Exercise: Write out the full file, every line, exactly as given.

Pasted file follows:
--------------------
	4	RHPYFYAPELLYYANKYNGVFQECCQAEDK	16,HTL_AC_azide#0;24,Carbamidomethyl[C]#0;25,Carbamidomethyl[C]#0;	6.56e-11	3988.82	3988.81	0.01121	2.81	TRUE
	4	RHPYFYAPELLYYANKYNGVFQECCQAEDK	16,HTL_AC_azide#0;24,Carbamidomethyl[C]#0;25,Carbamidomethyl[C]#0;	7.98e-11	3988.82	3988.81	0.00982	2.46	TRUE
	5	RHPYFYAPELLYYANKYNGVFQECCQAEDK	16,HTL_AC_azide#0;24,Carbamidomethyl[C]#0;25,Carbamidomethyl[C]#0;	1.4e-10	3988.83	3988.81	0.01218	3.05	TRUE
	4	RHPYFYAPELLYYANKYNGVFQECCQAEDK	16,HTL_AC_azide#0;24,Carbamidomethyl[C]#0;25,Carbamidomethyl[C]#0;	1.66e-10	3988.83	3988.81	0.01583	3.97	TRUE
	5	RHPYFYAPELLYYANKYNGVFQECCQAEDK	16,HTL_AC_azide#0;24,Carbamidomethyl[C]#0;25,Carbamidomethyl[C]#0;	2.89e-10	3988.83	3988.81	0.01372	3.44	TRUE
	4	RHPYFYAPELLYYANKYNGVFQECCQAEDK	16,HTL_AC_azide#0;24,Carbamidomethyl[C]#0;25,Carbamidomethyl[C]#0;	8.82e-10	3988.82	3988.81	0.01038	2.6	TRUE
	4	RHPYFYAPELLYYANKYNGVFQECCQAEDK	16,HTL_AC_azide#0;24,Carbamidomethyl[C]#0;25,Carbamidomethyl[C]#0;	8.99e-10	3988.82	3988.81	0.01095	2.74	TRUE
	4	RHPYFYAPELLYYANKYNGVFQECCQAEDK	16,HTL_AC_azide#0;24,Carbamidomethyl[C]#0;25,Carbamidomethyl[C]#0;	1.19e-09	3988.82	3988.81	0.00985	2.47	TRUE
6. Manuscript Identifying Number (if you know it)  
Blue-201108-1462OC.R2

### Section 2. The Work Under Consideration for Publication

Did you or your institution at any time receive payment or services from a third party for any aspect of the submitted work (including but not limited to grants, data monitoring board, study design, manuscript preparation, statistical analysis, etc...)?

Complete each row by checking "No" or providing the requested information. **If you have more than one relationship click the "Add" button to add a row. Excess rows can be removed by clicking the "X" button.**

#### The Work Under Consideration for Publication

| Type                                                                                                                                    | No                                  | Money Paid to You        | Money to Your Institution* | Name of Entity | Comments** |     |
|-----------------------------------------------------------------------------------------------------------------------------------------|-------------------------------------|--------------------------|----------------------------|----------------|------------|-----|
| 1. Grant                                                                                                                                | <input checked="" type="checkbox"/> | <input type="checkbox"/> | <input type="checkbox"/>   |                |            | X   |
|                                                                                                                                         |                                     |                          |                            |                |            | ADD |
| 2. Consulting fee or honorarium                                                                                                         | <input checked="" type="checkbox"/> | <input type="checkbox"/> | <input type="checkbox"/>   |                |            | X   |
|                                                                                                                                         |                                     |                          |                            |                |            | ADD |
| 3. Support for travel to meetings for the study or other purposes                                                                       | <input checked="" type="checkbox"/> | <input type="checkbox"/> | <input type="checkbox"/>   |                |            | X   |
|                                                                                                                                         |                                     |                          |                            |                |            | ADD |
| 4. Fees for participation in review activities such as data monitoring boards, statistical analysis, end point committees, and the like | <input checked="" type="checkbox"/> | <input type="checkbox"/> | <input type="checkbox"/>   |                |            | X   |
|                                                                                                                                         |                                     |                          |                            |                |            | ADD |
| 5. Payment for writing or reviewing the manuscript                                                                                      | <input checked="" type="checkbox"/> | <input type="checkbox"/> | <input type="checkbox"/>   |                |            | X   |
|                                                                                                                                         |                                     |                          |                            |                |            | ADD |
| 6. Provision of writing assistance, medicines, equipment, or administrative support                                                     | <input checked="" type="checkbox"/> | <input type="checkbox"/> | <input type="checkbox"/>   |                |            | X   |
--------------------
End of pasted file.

	4	RHPYFYAPELLYYANKYNGVFQECCQAEDK	16,HTL_AC_azide#0;24,Carbamidomethyl[C]#0;25,Carbamidomethyl[C]#0;	6.56e-11	3988.82	3988.81	0.01121	2.81	TRUE
	4	RHPYFYAPELLYYANKYNGVFQECCQAEDK	16,HTL_AC_azide#0;24,Carbamidomethyl[C]#0;25,Carbamidomethyl[C]#0;	7.98e-11	3988.82	3988.81	0.00982	2.46	TRUE
	5	RHPYFYAPELLYYANKYNGVFQECCQAEDK	16,HTL_AC_azide#0;24,Carbamidomethyl[C]#0;25,Carbamidomethyl[C]#0;	1.4e-10	3988.83	3988.81	0.01218	3.05	TRUE
	4	RHPYFYAPELLYYANKYNGVFQECCQAEDK	16,HTL_AC_azide#0;24,Carbamidomethyl[C]#0;25,Carbamidomethyl[C]#0;	1.66e-10	3988.83	3988.81	0.01583	3.97	TRUE
	5	RHPYFYAPELLYYANKYNGVFQECCQAEDK	16,HTL_AC_azide#0;24,Carbamidomethyl[C]#0;25,Carbamidomethyl[C]#0;	2.89e-10	3988.83	3988.81	0.01372	3.44	TRUE
	4	RHPYFYAPELLYYANKYNGVFQECCQAEDK	16,HTL_AC_azide#0;24,Carbamidomethyl[C]#0;25,Carbamidomethyl[C]#0;	8.82e-10	3988.82	3988.81	0.01038	2.6	TRUE
	4	RHPYFYAPELLYYANKYNGVFQECCQAEDK	16,HTL_AC_azide#0;24,Carbamidomethyl[C]#0;25,Carbamidomethyl[C]#0;	8.99e-10	3988.82	3988.81	0.01095	2.74	TRUE
	4	RHPYFYAPELLYYANKYNGVFQECCQAEDK	16,HTL_AC_azide#0;24,Carbamidomethyl[C]#0;25,Carbamidomethyl[C]#0;	1.19e-09	3988.82	3988.81	0.00985	2.47	TRUE
6. Manuscript Identifying Number (if you know it)  
Blue-201108-1462OC.R2

### Section 2. The Work Under Consideration for Publication

Did you or your institution at any time receive payment or services from a third party for any aspect of the submitted work (including but not limited to grants, data monitoring board, study design, manuscript preparation, statistical analysis, etc...)?

Complete each row by checking "No" or providing the requested information. **If you have more than one relationship click the "Add" button to add a row. Excess rows can be removed by clicking the "X" button.**

#### The Work Under Consideration for Publication

| Type                                                                                                                                    | No                                  | Money Paid to You        | Money to Your Institution* | Name of Entity | Comments** |     |
|-----------------------------------------------------------------------------------------------------------------------------------------|-------------------------------------|--------------------------|----------------------------|----------------|------------|-----|
| 1. Grant                                                                                                                                | <input checked="" type="checkbox"/> | <input type="checkbox"/> | <input type="checkbox"/>   |                |            | X   |
|                                                                                                                                         |                                     |                          |                            |                |            | ADD |
| 2. Consulting fee or honorarium                                                                                                         | <input checked="" type="checkbox"/> | <input type="checkbox"/> | <input type="checkbox"/>   |                |            | X   |
|                                                                                                                                         |                                     |                          |                            |                |            | ADD |
| 3. Support for travel to meetings for the study or other purposes                                                                       | <input checked="" type="checkbox"/> | <input type="checkbox"/> | <input type="checkbox"/>   |                |            | X   |
|                                                                                                                                         |                                     |                          |                            |                |            | ADD |
| 4. Fees for participation in review activities such as data monitoring boards, statistical analysis, end point committees, and the like | <input checked="" type="checkbox"/> | <input type="checkbox"/> | <input type="checkbox"/>   |                |            | X   |
|                                                                                                                                         |                                     |                          |                            |                |            | ADD |
| 5. Payment for writing or reviewing the manuscript                                                                                      | <input checked="" type="checkbox"/> | <input type="checkbox"/> | <input type="checkbox"/>   |                |            | X   |
|                                                                                                                                         |                                     |                          |                            |                |            | ADD |
| 6. Provision of writing assistance, medicines, equipment, or administrative support                                                     | <input checked="" type="checkbox"/> | <input type="checkbox"/> | <input type="checkbox"/>   |                |            | X   |